Since the families in this area live so far apart from one another, meetings have to be held in three different locations: Ma’am Recylen’s house in Madridejos; the Barangay (the local council) Hall in Valencia; and the Health Center in Inghoy. These monthly meetings with the parents give Miss Ana Fe the opportunity to discuss upcoming events, such as the Summer Camp, to distribute vouchers for the students’ school projects, and to provide the parents with significant reminders about the program (the importance of anticipating school-related costs, for example, or of informing the social workers and teachers about health problems). Miss Ana Fe brings a great deal of kindness, compassion, and simplicity to her work. Although I couldn’t understand all the content of the discussions, which were in Cebuano, I got the sense that Miss Ana Fe knew how to make the families feel comfortable and at ease, balancing the need to speak seriously about certain issues while remaining light-hearted and caring.
Mothers at a parent-student meeting
These meetings are also occasions to distribute monthly rice allocations to the families of the children — 5 kilos each for high school students; 6 kilos each for college students. Food aid is a crucial part of the educational program in Alegria. Rice (often served at all three meals) is a crucial staple for families in the Philippines, and lack of food is one of the main problems that keep children from attending school in many developing countries. The monthly rice subsidy ensures that children have access to the nutrition they need in order to attend school, concentrate, learn, and succeed in their studies. It also helps to compensate families for the loss of income they sustain when they send their daughters to school rather than sending them out to do paid work or keeping them at home to look after younger siblings while the parents work.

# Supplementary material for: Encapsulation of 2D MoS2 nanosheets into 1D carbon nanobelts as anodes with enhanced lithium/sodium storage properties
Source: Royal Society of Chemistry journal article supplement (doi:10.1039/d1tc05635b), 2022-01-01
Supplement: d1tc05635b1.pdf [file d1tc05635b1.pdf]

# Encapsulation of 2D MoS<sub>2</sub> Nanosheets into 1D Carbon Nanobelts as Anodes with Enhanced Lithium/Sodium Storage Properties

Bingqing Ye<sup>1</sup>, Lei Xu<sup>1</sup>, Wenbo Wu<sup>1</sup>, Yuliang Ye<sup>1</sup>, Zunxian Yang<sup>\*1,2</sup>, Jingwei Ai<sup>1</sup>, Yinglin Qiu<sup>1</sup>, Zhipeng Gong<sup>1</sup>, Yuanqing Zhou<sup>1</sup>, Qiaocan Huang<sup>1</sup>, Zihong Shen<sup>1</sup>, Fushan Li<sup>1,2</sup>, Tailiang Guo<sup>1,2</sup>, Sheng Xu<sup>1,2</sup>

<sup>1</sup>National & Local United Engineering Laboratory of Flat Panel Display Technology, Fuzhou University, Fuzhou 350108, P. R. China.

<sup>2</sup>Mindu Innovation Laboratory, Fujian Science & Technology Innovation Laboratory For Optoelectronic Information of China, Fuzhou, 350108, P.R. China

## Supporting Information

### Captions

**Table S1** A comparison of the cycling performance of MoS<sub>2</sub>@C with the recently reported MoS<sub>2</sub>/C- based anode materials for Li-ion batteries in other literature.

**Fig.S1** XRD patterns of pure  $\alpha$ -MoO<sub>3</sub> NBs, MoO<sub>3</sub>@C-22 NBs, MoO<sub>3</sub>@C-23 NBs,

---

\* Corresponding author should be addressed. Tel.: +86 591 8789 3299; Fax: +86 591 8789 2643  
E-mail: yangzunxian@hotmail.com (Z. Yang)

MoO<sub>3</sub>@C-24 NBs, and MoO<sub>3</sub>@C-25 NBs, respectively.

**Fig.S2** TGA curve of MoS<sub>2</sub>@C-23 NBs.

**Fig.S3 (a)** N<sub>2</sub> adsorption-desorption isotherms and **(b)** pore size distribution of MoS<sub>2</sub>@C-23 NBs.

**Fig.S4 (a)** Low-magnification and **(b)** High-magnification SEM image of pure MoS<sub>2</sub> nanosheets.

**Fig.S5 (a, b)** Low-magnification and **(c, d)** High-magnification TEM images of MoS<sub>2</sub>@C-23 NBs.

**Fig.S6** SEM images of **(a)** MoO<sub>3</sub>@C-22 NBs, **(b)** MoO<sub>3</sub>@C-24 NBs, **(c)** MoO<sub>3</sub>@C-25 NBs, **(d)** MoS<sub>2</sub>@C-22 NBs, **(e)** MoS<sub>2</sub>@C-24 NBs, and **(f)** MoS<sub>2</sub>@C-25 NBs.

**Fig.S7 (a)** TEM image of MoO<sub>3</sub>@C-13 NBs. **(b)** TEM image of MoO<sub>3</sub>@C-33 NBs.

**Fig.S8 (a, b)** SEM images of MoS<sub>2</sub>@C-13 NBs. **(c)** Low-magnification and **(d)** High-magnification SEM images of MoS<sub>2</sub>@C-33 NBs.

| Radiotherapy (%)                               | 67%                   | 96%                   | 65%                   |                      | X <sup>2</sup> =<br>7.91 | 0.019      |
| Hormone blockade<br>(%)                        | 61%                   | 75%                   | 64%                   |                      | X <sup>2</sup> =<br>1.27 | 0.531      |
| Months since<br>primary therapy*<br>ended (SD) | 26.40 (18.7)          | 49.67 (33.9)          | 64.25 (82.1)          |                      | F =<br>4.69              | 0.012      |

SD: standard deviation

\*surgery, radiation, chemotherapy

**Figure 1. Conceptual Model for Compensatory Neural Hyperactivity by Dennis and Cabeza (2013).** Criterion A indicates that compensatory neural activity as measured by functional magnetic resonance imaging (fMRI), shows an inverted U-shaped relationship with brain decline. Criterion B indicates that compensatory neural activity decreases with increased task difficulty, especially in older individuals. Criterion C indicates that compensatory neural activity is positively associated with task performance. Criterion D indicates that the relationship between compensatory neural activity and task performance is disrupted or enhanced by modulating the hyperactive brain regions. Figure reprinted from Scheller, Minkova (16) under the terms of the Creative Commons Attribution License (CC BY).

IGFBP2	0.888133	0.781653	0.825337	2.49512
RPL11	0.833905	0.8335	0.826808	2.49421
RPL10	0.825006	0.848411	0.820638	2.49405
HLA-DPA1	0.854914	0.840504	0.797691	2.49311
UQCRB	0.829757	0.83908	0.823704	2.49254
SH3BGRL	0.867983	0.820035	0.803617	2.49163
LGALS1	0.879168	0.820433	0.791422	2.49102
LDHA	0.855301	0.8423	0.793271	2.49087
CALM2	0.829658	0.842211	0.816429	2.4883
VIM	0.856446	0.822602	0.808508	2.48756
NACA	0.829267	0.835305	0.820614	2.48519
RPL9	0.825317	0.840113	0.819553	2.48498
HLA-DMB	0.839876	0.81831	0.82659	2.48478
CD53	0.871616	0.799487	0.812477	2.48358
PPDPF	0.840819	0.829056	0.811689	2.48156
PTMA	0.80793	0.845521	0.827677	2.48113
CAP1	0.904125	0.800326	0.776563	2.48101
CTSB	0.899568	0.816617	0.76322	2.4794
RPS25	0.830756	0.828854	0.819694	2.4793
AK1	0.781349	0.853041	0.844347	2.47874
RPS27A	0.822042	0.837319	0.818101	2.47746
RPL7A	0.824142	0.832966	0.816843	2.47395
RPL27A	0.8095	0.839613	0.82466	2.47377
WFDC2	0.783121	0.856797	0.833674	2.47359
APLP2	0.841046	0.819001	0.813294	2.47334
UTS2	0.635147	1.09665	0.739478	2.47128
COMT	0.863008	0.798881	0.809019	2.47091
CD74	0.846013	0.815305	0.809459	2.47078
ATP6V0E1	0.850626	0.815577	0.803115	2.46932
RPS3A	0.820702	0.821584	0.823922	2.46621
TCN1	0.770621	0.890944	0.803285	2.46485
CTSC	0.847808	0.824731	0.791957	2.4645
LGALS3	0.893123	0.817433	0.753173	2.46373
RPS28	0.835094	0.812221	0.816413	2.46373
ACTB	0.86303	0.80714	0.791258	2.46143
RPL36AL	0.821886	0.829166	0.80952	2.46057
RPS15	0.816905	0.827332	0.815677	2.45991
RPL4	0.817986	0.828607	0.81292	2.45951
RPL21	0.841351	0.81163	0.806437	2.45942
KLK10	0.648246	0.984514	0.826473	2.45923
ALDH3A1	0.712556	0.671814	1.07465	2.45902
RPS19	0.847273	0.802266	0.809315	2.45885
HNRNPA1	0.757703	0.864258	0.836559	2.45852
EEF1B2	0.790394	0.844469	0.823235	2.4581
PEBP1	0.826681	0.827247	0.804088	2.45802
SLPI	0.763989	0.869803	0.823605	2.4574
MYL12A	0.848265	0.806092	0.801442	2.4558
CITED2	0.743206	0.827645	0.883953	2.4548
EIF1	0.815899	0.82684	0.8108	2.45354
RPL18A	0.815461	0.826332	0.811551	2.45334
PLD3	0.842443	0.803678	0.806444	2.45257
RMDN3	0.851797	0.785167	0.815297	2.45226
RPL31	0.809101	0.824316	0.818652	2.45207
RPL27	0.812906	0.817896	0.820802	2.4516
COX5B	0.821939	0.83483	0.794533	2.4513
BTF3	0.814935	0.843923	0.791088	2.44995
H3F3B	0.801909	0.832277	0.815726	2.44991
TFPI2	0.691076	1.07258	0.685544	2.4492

Parents receiving the monthly rice subsidy
At this meeting, we also had a special surprise for some of the parents! A few donors had sent a donation of a dozen “Little Sun” solar-powered lamps, which we were able to distribute to the few families who still lacked electricity in their homes, as well as a couple of the early-bird arrivals at the meeting. The unique and playful nature of the lamps, which are shaped like yellow flowers, sparked a great deal of curiosity among the families, who were delighted with the gifts. We also took this opportunity to interview several of the parents and children, who all spoke about how important going to school was for them and how they hoped it would lead to better futures for themselves and their families.
Shawna (center) with local school teachers and social workers
Since my visit was regarded as a “special” occasion, and despite the families’ modest means, after each meeting the families brought us lunch: soup, pork, chicken, rice, barbecued bananas, delicious exotic fruits. Knowing how scarce the families’ resources are, I was extremely touched that they all shared their food and took the time to cook and eat with us.
Since arriving in the Philippines, I have felt incredibly warmly welcomed and have been moved again and again by the kindness and generosity of everyone I’ve met. Alegria is no exception, and I’m very grateful that I had the opportunity to travel to this beautiful, remote region. I loved meeting the children in the education program and their parents. And it was wonderful to discover the local cuisine and to ride the habal-habal up and down the mountain. I was struck by how upbeat, happy, and friendly everyone was, despite the difficult conditions in which they live. All of the meetings took place in a good-humored, relaxed, and positive environment and many of the parents came up to personally thank me for volunteering.